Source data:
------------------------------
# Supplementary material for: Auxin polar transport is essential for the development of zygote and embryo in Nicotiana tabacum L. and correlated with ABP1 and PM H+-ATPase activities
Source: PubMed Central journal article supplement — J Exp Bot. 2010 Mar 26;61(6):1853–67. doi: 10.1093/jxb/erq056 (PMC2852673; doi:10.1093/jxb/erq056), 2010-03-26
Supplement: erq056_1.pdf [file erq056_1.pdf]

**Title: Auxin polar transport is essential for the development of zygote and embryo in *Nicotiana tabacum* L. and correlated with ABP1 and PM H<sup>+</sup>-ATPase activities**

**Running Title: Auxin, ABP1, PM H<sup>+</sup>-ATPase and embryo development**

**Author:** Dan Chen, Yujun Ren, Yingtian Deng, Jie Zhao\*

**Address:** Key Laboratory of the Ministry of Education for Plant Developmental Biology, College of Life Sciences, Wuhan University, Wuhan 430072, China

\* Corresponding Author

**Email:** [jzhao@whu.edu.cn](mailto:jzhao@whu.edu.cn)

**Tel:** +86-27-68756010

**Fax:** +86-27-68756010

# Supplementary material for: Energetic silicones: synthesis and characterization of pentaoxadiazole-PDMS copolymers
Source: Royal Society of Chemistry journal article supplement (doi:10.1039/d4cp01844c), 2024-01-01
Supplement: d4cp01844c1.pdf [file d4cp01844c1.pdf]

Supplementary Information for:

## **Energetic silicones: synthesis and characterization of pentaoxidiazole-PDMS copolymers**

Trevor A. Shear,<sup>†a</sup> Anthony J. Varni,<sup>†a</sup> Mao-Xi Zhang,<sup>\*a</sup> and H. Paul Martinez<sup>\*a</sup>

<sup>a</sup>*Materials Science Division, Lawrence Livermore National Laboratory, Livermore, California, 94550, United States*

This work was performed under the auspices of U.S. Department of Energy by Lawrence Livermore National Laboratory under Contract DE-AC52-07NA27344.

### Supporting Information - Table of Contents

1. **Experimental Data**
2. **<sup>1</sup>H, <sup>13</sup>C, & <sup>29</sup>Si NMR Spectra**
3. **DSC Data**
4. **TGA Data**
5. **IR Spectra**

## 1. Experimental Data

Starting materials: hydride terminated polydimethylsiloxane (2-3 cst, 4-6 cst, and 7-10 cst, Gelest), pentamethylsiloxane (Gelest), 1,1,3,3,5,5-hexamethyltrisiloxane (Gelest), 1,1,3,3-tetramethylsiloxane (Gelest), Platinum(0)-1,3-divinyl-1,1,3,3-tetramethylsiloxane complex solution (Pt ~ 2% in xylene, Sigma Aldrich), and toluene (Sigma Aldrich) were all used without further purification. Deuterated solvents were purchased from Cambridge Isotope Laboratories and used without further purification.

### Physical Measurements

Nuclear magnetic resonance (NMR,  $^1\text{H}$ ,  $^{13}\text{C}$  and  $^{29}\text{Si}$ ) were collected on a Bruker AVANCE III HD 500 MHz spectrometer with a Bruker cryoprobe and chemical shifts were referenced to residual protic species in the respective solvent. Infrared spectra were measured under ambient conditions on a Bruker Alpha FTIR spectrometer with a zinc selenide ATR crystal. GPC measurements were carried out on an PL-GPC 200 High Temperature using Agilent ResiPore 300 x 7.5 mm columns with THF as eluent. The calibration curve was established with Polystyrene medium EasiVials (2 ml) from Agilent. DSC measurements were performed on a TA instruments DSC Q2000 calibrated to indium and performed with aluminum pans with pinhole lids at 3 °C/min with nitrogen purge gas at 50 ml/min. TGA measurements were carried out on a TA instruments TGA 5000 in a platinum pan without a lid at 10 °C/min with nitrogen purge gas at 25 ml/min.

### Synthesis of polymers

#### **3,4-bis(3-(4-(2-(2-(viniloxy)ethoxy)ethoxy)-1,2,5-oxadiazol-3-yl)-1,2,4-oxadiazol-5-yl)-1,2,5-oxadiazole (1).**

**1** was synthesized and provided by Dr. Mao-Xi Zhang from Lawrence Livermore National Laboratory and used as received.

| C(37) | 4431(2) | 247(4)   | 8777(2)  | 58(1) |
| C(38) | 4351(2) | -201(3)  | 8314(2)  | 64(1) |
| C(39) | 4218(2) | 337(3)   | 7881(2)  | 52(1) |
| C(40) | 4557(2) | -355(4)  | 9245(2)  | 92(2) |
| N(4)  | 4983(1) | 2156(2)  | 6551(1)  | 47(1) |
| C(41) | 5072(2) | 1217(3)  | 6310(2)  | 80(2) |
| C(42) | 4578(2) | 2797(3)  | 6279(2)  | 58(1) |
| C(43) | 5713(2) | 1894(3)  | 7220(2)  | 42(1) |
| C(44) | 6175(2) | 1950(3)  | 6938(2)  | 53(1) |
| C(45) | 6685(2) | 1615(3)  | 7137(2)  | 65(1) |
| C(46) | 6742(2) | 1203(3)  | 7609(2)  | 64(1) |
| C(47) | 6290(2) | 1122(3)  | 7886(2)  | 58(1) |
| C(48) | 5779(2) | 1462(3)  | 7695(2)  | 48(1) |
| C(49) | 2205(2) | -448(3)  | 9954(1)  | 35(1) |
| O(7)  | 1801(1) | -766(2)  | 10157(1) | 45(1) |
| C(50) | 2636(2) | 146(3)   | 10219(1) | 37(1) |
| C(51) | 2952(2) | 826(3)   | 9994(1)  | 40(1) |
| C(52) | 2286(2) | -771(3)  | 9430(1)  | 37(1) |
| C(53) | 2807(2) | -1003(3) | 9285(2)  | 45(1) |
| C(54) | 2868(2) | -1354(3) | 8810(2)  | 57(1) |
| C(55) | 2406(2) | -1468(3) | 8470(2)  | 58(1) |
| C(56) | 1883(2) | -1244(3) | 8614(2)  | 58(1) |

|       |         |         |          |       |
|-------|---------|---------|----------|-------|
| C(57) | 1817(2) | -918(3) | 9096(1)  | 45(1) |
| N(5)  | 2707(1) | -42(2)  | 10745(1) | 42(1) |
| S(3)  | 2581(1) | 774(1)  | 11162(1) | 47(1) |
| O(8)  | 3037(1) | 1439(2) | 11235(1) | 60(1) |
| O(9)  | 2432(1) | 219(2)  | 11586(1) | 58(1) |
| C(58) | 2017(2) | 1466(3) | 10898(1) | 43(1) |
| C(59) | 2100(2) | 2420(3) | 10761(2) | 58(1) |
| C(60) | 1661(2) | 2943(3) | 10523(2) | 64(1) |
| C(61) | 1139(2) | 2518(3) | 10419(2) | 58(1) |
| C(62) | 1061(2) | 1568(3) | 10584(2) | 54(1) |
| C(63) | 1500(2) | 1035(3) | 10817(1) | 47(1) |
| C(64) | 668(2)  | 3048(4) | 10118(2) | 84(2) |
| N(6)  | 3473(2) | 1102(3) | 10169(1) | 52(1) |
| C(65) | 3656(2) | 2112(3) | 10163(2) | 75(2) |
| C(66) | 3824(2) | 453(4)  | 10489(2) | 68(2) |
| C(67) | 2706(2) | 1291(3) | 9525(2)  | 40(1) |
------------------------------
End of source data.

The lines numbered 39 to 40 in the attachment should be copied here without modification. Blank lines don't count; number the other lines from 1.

| C(42) | 4578(2) | 2797(3)  | 6279(2)  | 58(1) |
| C(43) | 5713(2) | 1894(3)  | 7220(2)  | 42(1) |